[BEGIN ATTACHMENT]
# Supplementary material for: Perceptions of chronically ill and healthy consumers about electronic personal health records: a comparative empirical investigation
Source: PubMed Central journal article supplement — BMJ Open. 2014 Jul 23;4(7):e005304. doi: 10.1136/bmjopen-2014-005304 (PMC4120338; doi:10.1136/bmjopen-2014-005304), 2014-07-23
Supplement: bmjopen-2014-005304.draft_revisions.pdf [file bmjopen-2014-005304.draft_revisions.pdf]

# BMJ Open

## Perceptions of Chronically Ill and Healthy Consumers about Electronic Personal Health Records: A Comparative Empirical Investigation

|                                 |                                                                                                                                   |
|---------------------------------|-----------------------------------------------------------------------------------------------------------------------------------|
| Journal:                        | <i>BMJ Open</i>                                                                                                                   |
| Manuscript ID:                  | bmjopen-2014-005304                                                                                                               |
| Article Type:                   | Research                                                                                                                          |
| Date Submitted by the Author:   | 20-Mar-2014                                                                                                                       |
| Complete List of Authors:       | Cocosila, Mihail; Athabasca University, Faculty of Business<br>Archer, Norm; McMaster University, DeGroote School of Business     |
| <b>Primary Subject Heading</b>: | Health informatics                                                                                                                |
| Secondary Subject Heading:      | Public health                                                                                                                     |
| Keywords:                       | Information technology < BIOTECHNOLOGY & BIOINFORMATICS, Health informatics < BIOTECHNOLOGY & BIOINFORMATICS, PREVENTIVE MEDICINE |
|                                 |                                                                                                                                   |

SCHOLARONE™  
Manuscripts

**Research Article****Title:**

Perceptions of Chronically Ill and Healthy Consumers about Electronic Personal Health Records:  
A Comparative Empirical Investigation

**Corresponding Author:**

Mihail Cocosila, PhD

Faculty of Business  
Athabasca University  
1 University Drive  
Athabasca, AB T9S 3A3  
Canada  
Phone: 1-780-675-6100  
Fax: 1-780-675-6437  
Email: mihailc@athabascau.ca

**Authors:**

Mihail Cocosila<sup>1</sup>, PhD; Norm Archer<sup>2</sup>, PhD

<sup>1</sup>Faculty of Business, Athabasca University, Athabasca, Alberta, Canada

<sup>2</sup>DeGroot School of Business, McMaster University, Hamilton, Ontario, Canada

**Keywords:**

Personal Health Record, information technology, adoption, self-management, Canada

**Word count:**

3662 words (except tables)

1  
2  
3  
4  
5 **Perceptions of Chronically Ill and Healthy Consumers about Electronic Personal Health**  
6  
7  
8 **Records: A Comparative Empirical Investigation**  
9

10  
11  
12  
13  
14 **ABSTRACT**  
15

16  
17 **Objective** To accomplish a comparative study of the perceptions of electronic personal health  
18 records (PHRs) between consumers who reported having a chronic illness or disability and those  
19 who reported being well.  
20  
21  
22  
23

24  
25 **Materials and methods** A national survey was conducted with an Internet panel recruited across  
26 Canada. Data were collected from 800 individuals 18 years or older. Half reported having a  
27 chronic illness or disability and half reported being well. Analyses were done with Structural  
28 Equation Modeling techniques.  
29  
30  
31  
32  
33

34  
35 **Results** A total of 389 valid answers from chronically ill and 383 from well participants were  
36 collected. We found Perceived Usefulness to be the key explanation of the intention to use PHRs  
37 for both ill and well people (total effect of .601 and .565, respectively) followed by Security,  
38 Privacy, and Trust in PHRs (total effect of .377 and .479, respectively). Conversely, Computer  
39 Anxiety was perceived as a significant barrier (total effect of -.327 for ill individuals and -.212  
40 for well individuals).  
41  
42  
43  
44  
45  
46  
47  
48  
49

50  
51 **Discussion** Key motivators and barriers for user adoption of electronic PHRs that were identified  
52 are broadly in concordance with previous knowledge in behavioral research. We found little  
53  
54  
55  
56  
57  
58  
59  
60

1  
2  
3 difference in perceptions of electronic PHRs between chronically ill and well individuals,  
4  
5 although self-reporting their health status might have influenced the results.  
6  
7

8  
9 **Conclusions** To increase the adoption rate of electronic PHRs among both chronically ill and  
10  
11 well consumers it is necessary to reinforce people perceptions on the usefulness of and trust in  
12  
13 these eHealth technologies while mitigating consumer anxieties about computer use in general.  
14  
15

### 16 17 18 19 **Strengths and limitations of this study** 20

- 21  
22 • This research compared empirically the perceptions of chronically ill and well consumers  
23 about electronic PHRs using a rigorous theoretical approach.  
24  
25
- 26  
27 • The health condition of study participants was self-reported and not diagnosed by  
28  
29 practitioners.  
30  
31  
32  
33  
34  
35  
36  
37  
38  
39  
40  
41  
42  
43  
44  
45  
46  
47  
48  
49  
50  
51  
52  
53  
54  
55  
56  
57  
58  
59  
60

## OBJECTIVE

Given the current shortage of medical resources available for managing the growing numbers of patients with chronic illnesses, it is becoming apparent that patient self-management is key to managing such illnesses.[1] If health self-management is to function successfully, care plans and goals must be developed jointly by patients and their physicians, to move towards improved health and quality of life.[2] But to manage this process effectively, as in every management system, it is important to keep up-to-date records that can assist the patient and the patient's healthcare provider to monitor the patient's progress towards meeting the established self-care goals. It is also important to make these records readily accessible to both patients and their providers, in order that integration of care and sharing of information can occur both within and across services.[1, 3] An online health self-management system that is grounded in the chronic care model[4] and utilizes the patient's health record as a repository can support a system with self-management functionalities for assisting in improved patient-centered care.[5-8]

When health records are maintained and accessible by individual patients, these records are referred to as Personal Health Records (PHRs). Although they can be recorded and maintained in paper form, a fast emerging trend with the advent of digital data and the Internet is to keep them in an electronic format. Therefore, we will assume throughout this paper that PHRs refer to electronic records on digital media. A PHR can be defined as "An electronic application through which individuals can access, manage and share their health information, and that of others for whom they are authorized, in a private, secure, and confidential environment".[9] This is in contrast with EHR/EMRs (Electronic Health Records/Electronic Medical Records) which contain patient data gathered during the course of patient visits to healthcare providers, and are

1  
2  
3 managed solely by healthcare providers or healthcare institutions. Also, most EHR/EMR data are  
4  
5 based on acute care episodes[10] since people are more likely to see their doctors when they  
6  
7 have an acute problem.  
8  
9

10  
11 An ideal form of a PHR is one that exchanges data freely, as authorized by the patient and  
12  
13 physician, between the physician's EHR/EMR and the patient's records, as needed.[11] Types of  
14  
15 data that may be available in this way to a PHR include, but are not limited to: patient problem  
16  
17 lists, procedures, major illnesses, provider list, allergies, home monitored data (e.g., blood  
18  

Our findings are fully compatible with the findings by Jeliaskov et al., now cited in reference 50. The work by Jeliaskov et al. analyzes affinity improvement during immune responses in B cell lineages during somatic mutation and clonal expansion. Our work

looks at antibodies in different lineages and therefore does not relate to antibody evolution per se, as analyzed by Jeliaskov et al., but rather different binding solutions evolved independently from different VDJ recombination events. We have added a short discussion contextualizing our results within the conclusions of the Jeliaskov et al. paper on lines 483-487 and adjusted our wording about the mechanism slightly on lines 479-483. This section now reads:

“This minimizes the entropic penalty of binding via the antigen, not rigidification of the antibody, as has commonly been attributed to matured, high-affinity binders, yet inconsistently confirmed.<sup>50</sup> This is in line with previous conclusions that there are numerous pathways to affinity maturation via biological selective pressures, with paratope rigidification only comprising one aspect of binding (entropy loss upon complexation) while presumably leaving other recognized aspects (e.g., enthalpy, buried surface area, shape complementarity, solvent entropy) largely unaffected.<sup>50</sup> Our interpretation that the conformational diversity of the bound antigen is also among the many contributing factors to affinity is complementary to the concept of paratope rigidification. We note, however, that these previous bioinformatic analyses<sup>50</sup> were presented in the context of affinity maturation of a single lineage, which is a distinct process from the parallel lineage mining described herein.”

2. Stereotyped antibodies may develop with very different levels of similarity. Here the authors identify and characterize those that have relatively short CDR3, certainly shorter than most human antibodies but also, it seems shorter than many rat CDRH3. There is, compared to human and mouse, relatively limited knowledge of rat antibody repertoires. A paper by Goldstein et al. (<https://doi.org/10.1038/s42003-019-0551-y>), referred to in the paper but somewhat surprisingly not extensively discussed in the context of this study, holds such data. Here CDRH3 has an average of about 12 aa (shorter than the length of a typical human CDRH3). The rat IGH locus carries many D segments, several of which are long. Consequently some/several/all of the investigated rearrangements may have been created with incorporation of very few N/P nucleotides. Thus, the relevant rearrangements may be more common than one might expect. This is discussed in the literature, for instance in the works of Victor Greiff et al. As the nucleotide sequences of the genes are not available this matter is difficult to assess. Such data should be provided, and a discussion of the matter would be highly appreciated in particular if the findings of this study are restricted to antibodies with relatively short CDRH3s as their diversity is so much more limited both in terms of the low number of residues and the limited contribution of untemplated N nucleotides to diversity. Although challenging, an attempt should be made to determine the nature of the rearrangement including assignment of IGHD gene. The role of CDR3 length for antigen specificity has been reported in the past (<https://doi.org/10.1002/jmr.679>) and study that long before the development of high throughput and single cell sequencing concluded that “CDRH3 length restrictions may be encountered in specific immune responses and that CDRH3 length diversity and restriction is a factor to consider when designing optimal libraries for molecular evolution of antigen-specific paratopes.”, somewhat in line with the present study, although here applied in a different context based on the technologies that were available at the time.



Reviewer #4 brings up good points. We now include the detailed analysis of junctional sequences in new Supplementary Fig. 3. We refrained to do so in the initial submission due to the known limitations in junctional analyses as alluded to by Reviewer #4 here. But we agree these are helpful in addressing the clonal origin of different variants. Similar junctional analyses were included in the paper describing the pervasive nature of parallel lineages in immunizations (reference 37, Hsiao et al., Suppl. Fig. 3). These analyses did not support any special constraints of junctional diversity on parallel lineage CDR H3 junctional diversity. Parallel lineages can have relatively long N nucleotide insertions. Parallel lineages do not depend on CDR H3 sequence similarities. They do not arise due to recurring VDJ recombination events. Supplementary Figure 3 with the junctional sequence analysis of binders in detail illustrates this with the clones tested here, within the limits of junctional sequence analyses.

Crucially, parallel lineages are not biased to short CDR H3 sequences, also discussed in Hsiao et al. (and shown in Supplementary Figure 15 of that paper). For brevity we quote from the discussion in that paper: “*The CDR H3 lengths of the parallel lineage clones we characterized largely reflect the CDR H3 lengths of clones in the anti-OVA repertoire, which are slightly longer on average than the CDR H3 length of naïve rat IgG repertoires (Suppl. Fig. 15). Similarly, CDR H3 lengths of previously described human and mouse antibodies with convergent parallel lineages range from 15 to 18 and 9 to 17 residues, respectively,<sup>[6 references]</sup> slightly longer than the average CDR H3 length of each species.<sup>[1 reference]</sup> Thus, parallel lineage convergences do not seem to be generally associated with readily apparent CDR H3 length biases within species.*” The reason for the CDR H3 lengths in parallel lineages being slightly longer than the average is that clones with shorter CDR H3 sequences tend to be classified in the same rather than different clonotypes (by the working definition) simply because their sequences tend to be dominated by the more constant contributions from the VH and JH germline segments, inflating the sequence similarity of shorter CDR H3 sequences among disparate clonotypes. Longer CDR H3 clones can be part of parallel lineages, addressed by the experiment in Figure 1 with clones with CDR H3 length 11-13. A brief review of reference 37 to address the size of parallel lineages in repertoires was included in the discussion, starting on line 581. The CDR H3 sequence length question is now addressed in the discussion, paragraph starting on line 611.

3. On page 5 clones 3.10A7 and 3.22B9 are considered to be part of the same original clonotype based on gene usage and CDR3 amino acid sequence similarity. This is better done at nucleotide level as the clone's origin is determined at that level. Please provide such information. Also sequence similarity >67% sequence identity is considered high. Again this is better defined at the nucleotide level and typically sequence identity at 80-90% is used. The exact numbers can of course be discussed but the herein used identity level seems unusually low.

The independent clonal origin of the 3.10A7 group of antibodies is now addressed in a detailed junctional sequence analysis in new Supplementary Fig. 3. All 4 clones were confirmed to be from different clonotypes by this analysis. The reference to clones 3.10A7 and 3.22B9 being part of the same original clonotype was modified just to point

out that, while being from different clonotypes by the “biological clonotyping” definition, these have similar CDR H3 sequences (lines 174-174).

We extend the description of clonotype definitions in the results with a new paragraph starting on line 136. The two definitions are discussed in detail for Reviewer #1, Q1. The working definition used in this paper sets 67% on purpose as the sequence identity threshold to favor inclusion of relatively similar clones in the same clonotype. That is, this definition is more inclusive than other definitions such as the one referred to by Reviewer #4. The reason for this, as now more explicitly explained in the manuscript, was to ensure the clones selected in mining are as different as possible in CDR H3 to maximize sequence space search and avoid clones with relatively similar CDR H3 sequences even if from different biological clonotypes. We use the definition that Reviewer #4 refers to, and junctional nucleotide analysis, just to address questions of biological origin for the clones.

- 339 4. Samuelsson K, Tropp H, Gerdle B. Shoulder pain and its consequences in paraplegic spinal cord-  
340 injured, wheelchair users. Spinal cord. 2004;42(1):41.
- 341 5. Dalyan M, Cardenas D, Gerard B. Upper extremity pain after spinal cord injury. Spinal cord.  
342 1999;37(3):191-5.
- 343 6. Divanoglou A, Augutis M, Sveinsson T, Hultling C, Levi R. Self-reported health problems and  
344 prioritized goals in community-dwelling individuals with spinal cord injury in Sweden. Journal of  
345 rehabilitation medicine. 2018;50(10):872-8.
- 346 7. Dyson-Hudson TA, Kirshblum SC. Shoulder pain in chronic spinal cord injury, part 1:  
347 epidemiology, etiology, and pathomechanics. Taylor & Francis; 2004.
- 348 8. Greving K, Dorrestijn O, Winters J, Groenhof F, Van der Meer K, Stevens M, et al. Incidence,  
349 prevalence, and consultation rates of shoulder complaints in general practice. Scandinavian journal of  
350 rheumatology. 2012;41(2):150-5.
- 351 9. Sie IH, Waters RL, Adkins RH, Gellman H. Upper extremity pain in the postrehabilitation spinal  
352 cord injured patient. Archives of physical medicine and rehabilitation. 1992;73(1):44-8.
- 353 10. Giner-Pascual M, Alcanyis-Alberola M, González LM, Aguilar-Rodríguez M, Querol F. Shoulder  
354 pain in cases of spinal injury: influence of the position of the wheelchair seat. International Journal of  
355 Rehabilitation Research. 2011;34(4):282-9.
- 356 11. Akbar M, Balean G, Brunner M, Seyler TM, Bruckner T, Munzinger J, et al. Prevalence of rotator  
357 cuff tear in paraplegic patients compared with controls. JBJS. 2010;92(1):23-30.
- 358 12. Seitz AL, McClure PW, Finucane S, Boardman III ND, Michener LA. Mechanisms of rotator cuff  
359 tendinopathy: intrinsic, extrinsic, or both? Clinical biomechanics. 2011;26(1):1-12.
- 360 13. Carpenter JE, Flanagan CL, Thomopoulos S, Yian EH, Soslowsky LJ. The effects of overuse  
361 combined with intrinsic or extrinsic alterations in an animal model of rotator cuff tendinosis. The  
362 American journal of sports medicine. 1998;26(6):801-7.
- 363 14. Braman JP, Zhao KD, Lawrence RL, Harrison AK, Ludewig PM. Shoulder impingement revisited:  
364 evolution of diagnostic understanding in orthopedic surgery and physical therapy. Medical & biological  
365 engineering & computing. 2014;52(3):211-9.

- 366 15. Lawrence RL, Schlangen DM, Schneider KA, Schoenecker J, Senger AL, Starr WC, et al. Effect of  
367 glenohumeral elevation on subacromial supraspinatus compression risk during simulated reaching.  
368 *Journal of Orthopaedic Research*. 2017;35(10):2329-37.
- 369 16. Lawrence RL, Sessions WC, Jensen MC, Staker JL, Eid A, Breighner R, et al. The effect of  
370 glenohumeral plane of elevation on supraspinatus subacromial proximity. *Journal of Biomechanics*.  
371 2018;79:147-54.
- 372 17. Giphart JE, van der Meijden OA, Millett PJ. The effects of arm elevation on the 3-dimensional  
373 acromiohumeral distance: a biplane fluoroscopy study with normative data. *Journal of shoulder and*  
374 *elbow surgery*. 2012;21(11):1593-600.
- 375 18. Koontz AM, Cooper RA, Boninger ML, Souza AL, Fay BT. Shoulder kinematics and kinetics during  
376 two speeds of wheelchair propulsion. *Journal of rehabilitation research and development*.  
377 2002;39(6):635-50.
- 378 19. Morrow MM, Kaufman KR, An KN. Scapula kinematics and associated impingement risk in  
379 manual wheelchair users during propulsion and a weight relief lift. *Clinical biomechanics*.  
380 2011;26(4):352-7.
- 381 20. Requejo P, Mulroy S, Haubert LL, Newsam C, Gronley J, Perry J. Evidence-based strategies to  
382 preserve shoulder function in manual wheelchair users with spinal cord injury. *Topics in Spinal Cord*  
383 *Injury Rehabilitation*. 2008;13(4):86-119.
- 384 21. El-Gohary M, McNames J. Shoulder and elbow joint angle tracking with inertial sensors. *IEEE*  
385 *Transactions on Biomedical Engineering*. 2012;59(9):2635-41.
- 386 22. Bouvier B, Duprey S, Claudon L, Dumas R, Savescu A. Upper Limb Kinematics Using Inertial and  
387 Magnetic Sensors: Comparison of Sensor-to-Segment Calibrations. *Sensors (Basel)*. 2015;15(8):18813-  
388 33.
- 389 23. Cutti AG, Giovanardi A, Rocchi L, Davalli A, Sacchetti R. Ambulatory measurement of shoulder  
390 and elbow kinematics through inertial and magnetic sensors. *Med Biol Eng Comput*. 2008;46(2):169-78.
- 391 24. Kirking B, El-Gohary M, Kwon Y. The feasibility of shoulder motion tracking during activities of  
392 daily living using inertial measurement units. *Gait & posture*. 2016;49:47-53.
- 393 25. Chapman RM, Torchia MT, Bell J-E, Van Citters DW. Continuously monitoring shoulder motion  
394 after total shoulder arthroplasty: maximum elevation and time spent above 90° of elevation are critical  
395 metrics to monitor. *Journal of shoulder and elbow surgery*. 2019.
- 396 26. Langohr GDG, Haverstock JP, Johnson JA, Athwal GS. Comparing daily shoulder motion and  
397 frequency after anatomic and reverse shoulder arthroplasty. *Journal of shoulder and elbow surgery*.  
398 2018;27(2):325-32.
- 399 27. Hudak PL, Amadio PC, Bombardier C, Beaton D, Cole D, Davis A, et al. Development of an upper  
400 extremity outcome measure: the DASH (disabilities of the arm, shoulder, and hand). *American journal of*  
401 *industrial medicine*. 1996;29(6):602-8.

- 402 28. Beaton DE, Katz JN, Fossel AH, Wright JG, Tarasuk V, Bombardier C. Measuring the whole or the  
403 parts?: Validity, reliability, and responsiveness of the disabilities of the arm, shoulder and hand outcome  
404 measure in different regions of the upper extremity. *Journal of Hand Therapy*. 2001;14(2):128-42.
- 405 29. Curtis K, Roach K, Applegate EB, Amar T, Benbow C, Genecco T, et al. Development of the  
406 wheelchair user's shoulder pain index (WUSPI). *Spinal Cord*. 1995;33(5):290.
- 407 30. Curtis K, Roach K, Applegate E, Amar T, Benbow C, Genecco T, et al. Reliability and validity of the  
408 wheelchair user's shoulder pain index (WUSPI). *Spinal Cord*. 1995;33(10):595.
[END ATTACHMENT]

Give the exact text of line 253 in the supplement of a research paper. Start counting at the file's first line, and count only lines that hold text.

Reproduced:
- 405 29. Curtis K, Roach K, Applegate EB, Amar T, Benbow C, Genecco T, et al. Development of the  